Marvel struck gold with Wanda as the monster of the movie. She was an established character that all MCU fans have an opinion on. Everyone who watched WanadaVision either thinks of her as a victim or villain. Her powers had been vague enough that she could break rules and thwart the heroes without feeling the need for explanation. There was even a great theme of a mother’s love becoming possessive that would have worked with Doctor Strange’s need to be in control. The blueprints were there for a scary fun time.

What held back the movie was the lack of pacing. Pacing is critical to horror movies. Right before the monster strikes it is important to build tension. The right soundscape builds anticipation with discordant notes. If the music is distressing it sets off alarm bells in the brain. Something will happen. The implementation of silence is also effective. If a character is walking through a silent hallway that means something will happen during the walk. Could the monster attack in the middle or the end? Could it be a joke moment that deflates the tension, only to ramp it up later? The range of possibilities creates terror. Cinematography is used to hide the monster. The monster could be hiding around the corner of the wall or maybe behind an open door. But the camera keeps focused and hides the point of attack. A good jumpscare comes from taking the time to slow down and build tension.

Marvel movies can’t slow down. Wanda popped out of a mirror, contorting her body but it was quick so the movie could move onto the Illuminati. This made her contortion look really fast and funny. These movies are so full of content and set ups for future movies that they cannot linger. This kneecapped any tension building because there is no time to build and release.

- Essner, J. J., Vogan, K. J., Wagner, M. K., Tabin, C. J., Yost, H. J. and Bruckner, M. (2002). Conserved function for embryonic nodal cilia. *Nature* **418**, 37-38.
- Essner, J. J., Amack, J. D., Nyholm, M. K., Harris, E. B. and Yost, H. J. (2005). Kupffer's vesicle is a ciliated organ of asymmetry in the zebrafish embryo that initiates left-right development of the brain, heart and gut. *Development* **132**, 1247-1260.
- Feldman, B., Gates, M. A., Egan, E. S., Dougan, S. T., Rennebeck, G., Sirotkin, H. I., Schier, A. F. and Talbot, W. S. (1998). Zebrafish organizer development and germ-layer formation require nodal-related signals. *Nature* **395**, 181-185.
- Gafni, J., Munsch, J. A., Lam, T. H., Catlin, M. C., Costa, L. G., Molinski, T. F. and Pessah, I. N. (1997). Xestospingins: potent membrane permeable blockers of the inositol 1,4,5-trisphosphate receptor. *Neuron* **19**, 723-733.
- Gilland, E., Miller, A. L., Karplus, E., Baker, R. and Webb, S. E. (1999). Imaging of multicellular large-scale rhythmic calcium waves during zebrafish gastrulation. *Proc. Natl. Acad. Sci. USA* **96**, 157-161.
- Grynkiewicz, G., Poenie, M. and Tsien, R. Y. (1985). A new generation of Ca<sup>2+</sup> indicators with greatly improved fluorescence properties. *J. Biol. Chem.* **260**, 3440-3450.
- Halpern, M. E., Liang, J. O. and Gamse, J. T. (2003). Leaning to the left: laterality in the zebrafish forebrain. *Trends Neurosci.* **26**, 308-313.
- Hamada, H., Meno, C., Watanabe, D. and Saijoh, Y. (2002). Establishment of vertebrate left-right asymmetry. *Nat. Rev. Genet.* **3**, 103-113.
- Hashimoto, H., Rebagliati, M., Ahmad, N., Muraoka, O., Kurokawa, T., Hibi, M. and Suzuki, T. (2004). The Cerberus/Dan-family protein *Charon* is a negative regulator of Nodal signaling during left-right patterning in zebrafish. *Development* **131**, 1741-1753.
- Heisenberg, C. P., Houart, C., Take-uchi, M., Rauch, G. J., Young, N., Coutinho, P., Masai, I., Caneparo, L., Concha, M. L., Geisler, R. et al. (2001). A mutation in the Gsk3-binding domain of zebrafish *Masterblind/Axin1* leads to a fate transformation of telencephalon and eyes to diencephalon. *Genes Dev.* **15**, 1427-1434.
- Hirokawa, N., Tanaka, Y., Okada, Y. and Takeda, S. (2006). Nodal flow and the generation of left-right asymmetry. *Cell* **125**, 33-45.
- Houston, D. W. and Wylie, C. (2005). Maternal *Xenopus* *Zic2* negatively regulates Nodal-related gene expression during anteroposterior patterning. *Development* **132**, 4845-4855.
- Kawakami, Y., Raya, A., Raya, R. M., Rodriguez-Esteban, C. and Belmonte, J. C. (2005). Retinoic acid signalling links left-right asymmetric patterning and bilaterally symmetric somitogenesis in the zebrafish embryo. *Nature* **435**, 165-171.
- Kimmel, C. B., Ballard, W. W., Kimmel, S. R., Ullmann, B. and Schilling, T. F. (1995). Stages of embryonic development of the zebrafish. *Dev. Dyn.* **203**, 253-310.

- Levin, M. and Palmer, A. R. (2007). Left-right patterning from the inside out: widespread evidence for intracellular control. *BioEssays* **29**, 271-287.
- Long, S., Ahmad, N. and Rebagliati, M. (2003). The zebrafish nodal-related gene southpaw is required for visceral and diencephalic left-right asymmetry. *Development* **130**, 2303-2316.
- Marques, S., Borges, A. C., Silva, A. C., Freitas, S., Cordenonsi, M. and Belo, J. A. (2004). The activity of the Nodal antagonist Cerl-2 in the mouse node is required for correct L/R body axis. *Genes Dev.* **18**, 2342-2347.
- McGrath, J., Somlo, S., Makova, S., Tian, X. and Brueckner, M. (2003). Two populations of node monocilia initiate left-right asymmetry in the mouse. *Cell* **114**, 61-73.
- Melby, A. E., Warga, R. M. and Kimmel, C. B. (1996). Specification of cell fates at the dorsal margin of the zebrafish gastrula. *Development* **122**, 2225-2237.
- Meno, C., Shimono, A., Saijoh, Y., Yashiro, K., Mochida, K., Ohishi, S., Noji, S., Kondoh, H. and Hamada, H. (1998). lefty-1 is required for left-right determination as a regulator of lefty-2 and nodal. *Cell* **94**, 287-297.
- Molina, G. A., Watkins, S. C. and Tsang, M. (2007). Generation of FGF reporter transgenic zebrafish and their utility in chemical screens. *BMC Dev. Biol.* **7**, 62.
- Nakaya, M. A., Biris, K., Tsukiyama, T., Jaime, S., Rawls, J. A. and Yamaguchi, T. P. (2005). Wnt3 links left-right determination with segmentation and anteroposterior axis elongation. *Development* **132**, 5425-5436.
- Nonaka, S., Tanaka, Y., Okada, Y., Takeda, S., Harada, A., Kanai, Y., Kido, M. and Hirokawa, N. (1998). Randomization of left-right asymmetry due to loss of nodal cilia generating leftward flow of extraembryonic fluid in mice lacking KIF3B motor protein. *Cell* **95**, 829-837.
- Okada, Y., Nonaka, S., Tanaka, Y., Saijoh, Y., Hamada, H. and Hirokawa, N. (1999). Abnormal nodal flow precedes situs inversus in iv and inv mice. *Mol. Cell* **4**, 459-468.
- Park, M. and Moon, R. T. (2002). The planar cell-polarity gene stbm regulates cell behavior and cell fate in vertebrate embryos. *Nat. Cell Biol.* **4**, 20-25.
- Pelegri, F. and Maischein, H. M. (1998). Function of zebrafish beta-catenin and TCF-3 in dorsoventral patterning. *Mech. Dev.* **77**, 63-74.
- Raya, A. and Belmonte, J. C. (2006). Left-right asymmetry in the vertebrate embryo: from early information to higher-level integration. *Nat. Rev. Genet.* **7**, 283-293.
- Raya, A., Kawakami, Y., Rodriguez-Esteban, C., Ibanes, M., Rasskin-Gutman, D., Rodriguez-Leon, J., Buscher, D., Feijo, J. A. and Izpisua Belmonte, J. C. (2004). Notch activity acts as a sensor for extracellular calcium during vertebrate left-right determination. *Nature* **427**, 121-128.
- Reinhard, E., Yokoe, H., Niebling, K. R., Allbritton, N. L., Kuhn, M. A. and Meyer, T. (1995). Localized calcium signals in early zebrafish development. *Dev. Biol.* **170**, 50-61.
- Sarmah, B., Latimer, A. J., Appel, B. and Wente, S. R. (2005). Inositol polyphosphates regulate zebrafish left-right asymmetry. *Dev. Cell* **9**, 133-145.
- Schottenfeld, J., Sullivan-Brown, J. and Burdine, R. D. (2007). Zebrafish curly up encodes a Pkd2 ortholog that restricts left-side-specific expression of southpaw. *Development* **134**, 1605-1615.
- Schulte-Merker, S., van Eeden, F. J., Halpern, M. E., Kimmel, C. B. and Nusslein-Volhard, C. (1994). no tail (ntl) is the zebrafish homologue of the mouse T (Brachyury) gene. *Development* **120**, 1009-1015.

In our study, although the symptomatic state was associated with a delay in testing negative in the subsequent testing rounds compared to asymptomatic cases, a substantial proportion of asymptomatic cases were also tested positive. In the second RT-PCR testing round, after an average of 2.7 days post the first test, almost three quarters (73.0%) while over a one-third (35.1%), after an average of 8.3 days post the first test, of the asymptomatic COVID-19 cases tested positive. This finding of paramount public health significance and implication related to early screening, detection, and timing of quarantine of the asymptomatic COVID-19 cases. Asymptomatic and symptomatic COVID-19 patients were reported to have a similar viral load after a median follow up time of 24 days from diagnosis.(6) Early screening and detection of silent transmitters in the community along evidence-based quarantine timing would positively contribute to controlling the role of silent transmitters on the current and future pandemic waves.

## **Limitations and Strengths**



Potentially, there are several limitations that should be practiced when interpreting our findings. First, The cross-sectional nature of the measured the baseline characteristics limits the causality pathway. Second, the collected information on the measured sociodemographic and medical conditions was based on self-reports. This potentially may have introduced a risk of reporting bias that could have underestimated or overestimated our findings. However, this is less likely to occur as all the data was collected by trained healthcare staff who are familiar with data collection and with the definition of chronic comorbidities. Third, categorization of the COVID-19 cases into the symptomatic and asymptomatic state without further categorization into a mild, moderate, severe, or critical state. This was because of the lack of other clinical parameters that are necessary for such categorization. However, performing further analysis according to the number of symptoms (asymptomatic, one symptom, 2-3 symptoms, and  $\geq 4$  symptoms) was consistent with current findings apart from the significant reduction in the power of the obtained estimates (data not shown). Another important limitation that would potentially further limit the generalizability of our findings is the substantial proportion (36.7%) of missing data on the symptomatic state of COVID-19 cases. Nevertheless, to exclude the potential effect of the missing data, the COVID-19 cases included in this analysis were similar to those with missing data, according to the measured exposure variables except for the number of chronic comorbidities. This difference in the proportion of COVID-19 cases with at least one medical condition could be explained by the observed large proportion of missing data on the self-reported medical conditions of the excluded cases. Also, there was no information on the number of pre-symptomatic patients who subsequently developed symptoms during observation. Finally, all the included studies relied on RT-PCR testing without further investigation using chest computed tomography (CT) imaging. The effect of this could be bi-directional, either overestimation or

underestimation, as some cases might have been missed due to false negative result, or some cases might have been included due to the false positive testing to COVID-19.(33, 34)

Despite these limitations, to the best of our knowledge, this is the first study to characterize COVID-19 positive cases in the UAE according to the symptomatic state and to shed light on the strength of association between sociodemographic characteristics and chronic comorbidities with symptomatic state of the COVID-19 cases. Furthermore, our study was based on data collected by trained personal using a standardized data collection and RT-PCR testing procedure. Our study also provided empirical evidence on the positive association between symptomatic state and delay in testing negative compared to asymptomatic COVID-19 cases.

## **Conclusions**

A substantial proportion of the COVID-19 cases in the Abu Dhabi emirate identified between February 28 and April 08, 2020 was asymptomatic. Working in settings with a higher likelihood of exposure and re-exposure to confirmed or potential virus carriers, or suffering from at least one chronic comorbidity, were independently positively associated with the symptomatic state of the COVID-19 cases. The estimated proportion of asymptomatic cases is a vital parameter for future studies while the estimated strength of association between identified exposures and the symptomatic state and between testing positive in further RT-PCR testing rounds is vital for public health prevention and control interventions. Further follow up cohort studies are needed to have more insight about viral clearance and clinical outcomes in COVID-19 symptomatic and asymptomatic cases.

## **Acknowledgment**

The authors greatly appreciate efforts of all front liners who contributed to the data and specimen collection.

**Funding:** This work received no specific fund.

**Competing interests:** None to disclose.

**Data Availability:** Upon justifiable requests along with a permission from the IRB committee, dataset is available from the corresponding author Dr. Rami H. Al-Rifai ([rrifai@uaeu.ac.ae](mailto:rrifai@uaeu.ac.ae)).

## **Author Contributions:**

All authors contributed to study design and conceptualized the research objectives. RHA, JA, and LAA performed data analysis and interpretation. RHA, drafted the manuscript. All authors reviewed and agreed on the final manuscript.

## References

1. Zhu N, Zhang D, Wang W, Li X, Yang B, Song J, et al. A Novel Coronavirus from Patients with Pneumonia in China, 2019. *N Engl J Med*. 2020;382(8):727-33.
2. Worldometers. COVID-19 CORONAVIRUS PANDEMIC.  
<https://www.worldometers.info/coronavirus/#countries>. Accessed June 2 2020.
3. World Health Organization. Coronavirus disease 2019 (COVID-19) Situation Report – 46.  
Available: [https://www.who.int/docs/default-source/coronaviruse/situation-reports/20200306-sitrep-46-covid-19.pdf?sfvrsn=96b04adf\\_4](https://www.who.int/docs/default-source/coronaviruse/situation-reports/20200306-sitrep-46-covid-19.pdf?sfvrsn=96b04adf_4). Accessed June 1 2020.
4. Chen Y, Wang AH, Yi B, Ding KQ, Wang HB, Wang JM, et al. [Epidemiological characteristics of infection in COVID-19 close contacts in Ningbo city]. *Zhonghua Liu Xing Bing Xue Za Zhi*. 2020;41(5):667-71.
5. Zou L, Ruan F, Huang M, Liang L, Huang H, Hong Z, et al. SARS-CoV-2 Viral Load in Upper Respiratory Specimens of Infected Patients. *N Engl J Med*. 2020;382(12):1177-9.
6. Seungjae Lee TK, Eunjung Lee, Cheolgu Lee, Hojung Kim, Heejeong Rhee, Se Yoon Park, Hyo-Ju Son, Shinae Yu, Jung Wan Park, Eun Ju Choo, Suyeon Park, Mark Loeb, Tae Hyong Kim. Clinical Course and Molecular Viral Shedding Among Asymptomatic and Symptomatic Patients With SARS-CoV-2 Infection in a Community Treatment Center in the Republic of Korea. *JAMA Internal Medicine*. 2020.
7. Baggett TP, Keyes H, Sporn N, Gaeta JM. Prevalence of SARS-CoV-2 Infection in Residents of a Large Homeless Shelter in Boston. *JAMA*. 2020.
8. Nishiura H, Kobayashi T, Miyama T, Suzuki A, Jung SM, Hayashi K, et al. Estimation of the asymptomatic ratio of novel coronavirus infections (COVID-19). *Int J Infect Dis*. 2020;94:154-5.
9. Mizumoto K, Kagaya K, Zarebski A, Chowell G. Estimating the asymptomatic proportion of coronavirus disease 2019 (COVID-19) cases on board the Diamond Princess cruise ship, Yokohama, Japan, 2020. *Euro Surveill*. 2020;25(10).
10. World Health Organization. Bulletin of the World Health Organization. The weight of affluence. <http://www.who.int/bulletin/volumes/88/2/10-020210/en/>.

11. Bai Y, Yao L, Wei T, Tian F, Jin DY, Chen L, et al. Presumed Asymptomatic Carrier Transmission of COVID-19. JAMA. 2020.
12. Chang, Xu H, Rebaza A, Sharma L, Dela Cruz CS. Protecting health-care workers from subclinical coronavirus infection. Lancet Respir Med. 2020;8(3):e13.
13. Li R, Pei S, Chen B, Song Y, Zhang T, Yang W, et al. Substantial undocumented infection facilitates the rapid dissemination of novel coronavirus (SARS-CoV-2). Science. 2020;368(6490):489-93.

Another aspect of horror (especially Sam Raimi horror) is gnarly deaths. In the “Wanda kills the Illuminati speedrun” scene, I watched Wanda rip through five people. Each death was, on paper, horrific. Black Blot got brain blasted. Mr. Fantastic was shredded as if he was paper. Wanda bisected Captain Carter with her own shield. Professor Xavier got his neck snapped while inside Wanda’s mind. Captain Marvel was…crushed by a big statue. The first issue with this scene was that I didn’t care about any of these characters. The Illuminati were introduced minutes before and all they did was establish the fact that they don’t trust any Doctor Strange. Of course since it was Marvel, they assumed I already cared about these characters. It was a weird assumption because the multiverse means these characters should be different or at least important to the story. But they were not. Jim Office as Mr. Fantastic was only there to hype up the future Fantastic Four movie. Which was boring when he could have been used as a foil for Strange. Reed Richards is arrogant and controlling. He could have been another cautionary tale in this story of heroes turned monstrous. Instead, they all die and we move on never mentioning them again.

All of this points to a failure of imagination. There was no way this could have been a scary movie. The goal was to sell tickets and build hype for the next Marvel thing. It is impossible to cram seven cameo characters in a slow paced horror flick. The cameos are future cash cows. When capital is on the line, why would Disney experiment with the formula? Instead they can make almost one billion dollars for a movie that is loved by their fans. The monopolization of entertainment media continues.

Stray Thoughts:

Bonus: The Doctor’s Orders

Celebration Cinema had a cocktail to celebrate Doctor Strange called The Doctor’s Orders. Just now realizing that Doctor Strange did zero doctor stuff in the movie. It had ginger beer in it that masked how horrible the Avatar 2 trailer was.

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Faden Cross

They/Them. Loves writing about games and other media that catches my attention. Co-Host of a monthly gaming podcast called Onett Radio